Charles Crumpley should be careful not to imbibe too much of that anti-CEQA Kool-Aid, as expressed in his Comment column (“Not Suited for Development,” April 11). Next thing we know, he’ll be calling for eliminating all pollution controls … yikes!
While there is some evidence of abuse, the California Environmental Quality Act provides so many more benefits than it does damage.
The one specific project example he cited in his column, the Sunset-Gordon project in Hollywood, is not a by-right development. In other words, it does not conform to zoning. The applicant was seeking entitlements for a much larger project, so there necessarily should have been a higher level of impact analysis. If a by-right project had been proposed, it would have been smooth sailing.
That’s the point of CEQA, really, to be a check against unmanaged, poorly planned growth. CEQA isn’t the problem here. There are three other culprits at work in the city of Los Angeles:
• Out-of-date community plans.
Community plans establish zoning, and provide a comprehensive framework to ensure the integrity of communities and, where it would be beneficial and can be supported by infrastructure, a framework for growth. The Hollywood Community Plan area (in which the Sunset-Gordon project is located) is one of many plans across the city that are more than a generation old. These plans should be updated on a 10-year cycle, with everyone who shapes the plan (neighbors and developers) required to live within the plans.
• An antiquated zoning code.
The city’s zoning code is an oftentimes redundant, sometimes contradictory and in many cases a very confusing mishmash of legalese. The city is in the midst of simplifying the code, with the potential to produce beneficial effects for developers and homeowners. To the extent my organization, LA Neighbors United, has challenged the code overhaul, it has been to highlight proposed code changes that would weaken existing plan protections, or produce potentially significant negative impacts resulting from growth or lower planning standards. Our view is that the zoning code should by and large be growth neutral. The place to deal with growth is in community plans.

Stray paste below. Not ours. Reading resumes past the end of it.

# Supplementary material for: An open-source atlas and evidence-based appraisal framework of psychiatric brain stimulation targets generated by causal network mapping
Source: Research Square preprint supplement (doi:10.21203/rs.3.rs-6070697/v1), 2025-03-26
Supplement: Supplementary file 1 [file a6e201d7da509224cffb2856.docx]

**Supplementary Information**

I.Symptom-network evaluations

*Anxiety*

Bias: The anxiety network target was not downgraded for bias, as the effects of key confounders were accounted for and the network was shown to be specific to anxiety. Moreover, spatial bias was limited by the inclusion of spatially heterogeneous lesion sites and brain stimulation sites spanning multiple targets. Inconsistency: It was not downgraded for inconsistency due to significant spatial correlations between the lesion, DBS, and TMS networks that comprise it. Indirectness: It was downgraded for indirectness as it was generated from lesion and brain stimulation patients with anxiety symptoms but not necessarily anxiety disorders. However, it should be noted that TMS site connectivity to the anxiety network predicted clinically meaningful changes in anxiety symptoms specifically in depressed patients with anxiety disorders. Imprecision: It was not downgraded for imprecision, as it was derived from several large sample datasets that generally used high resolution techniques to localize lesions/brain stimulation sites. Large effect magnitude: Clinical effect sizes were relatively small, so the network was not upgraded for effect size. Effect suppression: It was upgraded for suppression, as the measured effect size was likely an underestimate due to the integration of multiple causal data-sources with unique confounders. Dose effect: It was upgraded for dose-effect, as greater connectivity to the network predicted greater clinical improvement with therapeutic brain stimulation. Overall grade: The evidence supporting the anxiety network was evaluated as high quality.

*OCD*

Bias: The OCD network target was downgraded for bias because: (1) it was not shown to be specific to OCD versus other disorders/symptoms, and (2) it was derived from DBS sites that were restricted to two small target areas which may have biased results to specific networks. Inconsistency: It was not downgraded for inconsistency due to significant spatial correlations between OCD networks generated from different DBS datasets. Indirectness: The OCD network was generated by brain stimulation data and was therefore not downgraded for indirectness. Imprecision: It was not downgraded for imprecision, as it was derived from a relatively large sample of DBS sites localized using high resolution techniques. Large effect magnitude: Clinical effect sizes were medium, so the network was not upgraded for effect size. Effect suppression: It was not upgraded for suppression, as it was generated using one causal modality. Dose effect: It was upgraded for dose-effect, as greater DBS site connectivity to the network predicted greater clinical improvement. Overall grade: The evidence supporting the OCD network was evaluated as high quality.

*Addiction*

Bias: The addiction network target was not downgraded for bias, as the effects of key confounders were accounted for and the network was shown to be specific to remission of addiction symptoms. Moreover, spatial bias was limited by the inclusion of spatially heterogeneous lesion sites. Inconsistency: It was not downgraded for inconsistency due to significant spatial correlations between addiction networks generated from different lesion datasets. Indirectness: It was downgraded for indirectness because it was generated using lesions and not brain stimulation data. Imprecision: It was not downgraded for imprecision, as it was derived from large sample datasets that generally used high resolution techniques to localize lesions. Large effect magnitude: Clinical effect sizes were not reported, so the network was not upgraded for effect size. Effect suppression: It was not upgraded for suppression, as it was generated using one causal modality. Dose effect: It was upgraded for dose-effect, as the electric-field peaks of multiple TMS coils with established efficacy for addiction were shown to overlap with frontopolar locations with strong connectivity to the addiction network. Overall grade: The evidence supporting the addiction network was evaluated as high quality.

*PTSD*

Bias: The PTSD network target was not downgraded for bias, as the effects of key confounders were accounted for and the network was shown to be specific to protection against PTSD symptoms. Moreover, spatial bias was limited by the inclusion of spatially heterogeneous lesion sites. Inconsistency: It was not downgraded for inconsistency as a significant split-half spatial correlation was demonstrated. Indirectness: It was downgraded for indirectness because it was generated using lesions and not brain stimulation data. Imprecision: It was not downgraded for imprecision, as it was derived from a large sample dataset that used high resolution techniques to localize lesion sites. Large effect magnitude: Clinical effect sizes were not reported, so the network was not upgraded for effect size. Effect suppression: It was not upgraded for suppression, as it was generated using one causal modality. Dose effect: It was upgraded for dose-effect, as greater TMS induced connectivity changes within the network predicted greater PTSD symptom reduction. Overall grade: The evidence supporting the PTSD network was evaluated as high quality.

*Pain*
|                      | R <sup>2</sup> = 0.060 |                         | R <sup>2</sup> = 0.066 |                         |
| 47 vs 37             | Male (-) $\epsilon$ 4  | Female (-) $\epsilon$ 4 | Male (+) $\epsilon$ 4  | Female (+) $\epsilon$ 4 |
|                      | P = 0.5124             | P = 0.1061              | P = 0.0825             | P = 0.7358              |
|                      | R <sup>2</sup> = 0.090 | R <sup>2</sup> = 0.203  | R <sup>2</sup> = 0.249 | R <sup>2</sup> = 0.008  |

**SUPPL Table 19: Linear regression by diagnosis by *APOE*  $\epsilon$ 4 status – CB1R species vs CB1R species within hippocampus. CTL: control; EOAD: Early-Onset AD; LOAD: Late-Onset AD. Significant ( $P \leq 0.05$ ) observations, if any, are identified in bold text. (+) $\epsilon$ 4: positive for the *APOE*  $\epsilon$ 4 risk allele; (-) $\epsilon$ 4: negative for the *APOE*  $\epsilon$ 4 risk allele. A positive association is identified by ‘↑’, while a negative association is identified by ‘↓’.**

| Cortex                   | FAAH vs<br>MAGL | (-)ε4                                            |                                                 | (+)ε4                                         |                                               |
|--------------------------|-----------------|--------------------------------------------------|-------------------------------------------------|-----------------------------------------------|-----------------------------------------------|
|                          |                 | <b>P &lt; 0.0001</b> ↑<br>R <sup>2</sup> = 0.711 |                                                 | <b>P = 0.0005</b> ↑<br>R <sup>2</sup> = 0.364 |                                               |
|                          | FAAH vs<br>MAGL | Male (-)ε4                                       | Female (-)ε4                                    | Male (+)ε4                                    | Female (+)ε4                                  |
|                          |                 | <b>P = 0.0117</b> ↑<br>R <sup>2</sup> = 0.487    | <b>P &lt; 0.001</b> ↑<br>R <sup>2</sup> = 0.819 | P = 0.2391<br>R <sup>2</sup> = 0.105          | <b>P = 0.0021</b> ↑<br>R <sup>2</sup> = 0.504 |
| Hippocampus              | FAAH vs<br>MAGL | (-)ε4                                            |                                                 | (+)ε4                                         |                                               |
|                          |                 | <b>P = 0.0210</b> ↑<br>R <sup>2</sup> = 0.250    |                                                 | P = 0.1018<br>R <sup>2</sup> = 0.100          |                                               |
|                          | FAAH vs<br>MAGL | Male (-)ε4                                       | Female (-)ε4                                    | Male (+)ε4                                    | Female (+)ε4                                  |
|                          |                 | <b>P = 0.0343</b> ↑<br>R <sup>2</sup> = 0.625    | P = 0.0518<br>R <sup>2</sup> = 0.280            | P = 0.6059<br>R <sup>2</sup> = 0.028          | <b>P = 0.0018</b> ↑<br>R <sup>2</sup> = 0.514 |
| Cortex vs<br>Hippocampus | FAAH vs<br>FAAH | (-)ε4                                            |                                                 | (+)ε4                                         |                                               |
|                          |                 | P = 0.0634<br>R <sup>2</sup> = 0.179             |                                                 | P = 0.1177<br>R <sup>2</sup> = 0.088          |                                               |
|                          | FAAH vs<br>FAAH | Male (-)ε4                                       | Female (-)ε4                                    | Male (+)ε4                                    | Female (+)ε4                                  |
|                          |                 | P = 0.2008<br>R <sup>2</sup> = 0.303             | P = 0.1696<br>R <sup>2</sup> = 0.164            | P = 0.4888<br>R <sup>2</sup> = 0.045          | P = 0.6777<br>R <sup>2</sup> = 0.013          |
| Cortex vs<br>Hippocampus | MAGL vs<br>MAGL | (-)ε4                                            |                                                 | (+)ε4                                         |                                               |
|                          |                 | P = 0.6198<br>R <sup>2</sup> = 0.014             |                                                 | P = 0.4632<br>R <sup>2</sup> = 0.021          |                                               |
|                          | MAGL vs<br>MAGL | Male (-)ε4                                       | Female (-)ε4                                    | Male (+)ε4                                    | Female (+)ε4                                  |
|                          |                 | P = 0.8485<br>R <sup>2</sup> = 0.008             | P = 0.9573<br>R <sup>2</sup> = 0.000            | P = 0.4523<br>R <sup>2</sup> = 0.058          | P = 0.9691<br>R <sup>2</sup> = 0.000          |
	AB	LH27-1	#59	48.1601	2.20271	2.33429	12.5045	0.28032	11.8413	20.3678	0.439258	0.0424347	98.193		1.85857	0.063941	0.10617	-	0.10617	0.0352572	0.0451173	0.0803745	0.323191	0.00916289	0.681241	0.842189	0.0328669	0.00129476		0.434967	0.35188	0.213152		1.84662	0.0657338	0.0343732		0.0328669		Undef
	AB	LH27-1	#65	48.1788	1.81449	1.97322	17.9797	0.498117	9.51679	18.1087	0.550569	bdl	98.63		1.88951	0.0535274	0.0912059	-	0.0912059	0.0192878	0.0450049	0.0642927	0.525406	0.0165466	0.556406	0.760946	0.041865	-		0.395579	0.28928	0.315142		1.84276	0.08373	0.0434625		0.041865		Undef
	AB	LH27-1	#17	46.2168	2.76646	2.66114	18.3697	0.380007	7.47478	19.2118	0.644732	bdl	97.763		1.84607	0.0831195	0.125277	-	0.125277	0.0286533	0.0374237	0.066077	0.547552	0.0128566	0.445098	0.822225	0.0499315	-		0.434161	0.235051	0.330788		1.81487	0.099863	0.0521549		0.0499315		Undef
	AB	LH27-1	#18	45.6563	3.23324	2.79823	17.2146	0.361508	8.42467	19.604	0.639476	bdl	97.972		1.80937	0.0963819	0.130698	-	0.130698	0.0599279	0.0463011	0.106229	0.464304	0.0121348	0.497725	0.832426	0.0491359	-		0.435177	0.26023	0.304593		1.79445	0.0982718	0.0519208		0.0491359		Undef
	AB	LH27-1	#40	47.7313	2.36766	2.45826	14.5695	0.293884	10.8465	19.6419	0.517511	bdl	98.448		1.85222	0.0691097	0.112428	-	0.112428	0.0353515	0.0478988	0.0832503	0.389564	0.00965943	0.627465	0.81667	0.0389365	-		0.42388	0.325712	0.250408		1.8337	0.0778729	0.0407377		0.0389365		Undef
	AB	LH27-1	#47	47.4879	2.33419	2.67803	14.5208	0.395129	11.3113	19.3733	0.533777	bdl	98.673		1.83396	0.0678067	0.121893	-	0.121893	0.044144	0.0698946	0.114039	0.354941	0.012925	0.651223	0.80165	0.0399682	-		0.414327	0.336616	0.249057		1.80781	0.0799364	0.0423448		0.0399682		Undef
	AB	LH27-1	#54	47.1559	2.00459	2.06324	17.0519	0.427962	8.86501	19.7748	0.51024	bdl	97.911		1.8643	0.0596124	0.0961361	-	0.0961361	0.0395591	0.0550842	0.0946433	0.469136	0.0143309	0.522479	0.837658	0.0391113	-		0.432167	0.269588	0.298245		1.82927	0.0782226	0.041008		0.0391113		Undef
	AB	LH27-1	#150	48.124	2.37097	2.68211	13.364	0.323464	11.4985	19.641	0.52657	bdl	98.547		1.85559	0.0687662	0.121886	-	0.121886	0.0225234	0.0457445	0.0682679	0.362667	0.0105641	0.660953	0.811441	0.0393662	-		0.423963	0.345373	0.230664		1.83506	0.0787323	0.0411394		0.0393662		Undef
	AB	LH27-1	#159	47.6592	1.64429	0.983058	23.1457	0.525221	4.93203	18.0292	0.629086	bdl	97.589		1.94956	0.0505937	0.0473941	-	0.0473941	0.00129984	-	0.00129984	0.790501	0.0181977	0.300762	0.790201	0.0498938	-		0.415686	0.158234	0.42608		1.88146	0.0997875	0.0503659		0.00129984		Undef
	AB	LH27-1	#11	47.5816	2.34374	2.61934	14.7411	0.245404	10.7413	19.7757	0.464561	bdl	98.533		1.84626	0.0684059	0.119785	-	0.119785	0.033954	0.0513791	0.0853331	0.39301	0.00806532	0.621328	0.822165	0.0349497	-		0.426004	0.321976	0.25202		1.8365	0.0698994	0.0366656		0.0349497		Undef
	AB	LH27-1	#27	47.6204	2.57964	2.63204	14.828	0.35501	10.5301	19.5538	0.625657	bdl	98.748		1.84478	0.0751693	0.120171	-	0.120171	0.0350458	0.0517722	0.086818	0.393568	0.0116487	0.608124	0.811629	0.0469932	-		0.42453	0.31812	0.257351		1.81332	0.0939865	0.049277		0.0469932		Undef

• Byzantine development-approval processes.
The Business Journal has chronicled stories of the red tape that applicants must cut through to secure approvals. The city first attempted to streamline the process through the 12-to-2 initiative, which was a proposal to reduce the number of departments that applicants must deal with. Currently, the first deputy mayor is leading a development reform effort that we’ve dubbed “Son of 12-to-2.”
If Los Angeles can address these three issues, the climate for sound planning and development across the city will be much improved.
Cary Brazeman is the founder of LA Neighbors United, a group that works for planned, managed growth and development in Los Angeles.
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